To possess bending properties related to the fibre ribbons, a spacer preferably has a layered structure. This is schematically shown in FIG. 2. In the tubular cavity 2 of the cable body 1, there is once again located the stack 4, this time having a spacer 6′ consisting of a number of layers 5′ which are separable from one another. For such layers 5′, there may be chosen, e.g., dummy fibre ribbons, i.e., ribbons identical to complete optical-fibre ribbons, but without optical fibres. Such a layered spacer is easily brought to the necessary thickness and made suitable for reuse.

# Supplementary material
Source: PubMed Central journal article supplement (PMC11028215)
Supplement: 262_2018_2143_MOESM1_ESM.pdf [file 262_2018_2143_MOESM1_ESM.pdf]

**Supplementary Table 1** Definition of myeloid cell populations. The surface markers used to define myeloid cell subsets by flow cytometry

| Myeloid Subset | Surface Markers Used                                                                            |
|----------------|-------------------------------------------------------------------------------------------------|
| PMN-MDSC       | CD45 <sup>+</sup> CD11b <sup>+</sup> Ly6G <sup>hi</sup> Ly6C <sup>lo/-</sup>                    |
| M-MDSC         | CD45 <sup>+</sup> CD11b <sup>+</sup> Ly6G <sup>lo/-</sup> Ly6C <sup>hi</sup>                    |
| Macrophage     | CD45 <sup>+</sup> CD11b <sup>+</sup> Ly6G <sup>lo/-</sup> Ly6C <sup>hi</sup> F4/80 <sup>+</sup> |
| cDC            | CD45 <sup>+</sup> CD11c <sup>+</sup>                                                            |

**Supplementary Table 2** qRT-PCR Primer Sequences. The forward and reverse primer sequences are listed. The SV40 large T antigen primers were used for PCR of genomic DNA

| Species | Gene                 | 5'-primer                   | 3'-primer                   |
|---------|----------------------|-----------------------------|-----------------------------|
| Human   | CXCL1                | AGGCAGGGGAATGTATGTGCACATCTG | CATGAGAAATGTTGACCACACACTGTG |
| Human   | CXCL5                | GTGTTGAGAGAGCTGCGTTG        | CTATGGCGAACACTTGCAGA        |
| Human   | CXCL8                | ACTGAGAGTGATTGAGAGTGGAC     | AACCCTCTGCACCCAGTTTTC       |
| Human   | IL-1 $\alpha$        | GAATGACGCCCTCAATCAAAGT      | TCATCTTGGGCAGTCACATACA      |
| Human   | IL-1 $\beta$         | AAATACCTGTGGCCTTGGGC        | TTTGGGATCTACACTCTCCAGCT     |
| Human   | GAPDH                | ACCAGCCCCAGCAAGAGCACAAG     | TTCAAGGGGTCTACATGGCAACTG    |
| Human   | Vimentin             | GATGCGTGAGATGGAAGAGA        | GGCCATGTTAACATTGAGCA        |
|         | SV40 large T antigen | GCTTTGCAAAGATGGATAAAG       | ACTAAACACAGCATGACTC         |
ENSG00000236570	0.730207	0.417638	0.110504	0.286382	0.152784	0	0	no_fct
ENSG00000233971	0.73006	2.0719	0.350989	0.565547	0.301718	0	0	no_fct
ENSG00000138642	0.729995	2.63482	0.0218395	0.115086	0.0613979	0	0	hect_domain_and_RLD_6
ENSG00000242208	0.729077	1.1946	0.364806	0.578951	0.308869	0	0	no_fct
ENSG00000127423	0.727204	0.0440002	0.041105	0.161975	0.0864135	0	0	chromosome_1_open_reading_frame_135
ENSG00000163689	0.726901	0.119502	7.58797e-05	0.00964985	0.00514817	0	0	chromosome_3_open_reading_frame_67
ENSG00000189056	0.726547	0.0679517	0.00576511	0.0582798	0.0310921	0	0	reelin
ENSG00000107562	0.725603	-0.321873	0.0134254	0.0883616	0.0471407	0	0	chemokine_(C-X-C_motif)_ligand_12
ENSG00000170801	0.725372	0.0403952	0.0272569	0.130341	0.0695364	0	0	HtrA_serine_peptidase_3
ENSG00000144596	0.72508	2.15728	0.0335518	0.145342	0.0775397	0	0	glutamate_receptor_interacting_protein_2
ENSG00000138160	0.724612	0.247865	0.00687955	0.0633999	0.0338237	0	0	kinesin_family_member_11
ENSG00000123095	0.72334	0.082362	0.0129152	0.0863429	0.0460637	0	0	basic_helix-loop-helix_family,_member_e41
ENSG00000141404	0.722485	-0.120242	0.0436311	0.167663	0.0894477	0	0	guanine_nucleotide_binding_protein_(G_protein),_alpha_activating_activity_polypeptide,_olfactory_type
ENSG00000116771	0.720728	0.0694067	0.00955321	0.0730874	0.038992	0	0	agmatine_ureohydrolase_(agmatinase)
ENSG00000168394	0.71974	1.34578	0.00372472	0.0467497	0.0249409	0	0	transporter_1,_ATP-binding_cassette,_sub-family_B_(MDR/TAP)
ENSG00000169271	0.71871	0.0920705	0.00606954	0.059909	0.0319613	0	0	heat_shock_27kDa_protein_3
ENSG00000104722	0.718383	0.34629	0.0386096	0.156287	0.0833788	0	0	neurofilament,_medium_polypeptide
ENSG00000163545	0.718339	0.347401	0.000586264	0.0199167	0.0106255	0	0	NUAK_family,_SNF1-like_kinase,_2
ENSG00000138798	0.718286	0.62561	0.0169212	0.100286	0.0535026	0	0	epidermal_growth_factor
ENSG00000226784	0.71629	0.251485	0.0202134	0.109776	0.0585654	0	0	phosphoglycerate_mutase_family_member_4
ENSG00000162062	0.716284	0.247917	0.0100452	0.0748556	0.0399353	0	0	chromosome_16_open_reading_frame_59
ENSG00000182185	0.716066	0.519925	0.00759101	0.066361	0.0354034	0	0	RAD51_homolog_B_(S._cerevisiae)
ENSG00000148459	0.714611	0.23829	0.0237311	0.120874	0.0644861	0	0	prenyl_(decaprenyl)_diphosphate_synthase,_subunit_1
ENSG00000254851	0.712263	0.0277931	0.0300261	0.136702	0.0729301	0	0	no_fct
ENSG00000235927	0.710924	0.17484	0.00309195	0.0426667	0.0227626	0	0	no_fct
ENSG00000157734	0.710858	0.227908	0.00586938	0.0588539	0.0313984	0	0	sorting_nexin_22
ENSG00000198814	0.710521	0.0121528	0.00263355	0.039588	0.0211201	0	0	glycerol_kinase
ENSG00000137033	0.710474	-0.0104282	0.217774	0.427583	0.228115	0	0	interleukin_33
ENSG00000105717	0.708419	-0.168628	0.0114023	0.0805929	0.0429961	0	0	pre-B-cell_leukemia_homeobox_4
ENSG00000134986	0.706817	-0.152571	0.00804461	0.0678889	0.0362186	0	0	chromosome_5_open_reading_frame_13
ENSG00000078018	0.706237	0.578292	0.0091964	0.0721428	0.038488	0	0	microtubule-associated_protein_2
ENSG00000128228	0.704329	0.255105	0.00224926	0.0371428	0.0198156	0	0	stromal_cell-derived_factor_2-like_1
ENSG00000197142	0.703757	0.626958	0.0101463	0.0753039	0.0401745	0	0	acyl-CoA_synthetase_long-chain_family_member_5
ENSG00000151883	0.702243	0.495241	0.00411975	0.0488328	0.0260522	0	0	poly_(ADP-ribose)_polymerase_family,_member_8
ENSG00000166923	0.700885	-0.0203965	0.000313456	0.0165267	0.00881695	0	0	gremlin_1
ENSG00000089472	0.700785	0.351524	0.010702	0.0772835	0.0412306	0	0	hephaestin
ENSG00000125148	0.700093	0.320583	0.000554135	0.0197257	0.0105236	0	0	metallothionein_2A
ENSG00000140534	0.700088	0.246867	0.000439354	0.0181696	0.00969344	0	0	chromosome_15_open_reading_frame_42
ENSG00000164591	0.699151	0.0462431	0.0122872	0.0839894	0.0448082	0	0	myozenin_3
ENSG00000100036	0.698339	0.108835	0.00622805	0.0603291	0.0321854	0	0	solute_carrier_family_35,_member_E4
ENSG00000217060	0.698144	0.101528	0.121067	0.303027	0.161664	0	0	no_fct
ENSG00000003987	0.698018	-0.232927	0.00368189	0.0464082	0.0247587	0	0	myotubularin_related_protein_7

With reference to FIG. 3. there are now explained the steps of a method in which the number of fibre ribbons in the cable may be modified. The option of modification may entail both an increase and a reduction of the number of fibre ribbons. If a cable has a cable body 1 having a tubular cavity 2 (see FIG. 1 or FIG. 2), which is initially filled with a stack consisting of a first substack 12 of fibre ribbons and a first spacer 13, in order to increase the number of fibre ribbons the first spacer 13 is replaced by a second substack 14 of fibre ribbons and a second spacer 15, which together, at least substantially, have the same thickness as the first spacer 13. Said replacement may be effected as follows. On a first end 1.1 of the cable body 1, there is placed a Y-shaped inlet part 16 having a first passage 16.1, through which an end 12.1 of the first substack 12 is conducted outward and anchored. To a second passage 16.2, there is connected an inlet unit 17 known per se. The inlet unit preferably is one with which cable-shaped elements may be introduced into tubes, or may be removed therefrom using a flowing medium under pressure, i.e., flown in using a liquid or blown in using a compressed gas. The second substack 14 and the second spacer 15 are introduced from reels 18 and 19 combined into the inlet unit 17, and are fixedly coupled, through the inlet unit and using a coupling 20, to an end 13.1 of the first spacer 13. Subsequently, and synchronously with the removal of the first spacer 13, the combined second substack 14 and second spacer 15 are introduced into the tubular cavity 2 of the cable body 1 at the position of the first spacer 13. With a view to reducing the number of fibre ribbons, the cable body is initially filled with a stack formed by the two substacks 12 and 14 and the second spacer 15, and the process is carried out in the reverse direction (dotted arrows), i.e., the substack 14 and the second spacer 15 are removed and replaced by the first spacer 13. In this connection, the inlet unit 17, together with the Y-shaped inlet part 16, is connected to the other end 1.2 of the cable body 1, and the other end 12.2 of the first substack 12 of fibre ribbons is anchored. For a sufficiently powerful dragging effect of the flowing medium under pressure in the tubular cavity along a part of a stack to be shifted, there should be sufficient play between the walls of the cavity and the part in question of the stack. Viewed in cross section of the tubular cavity, the play may be expressed as a percentage of the free area (not taken up by the stack) of the full area of the cross section of the cavity.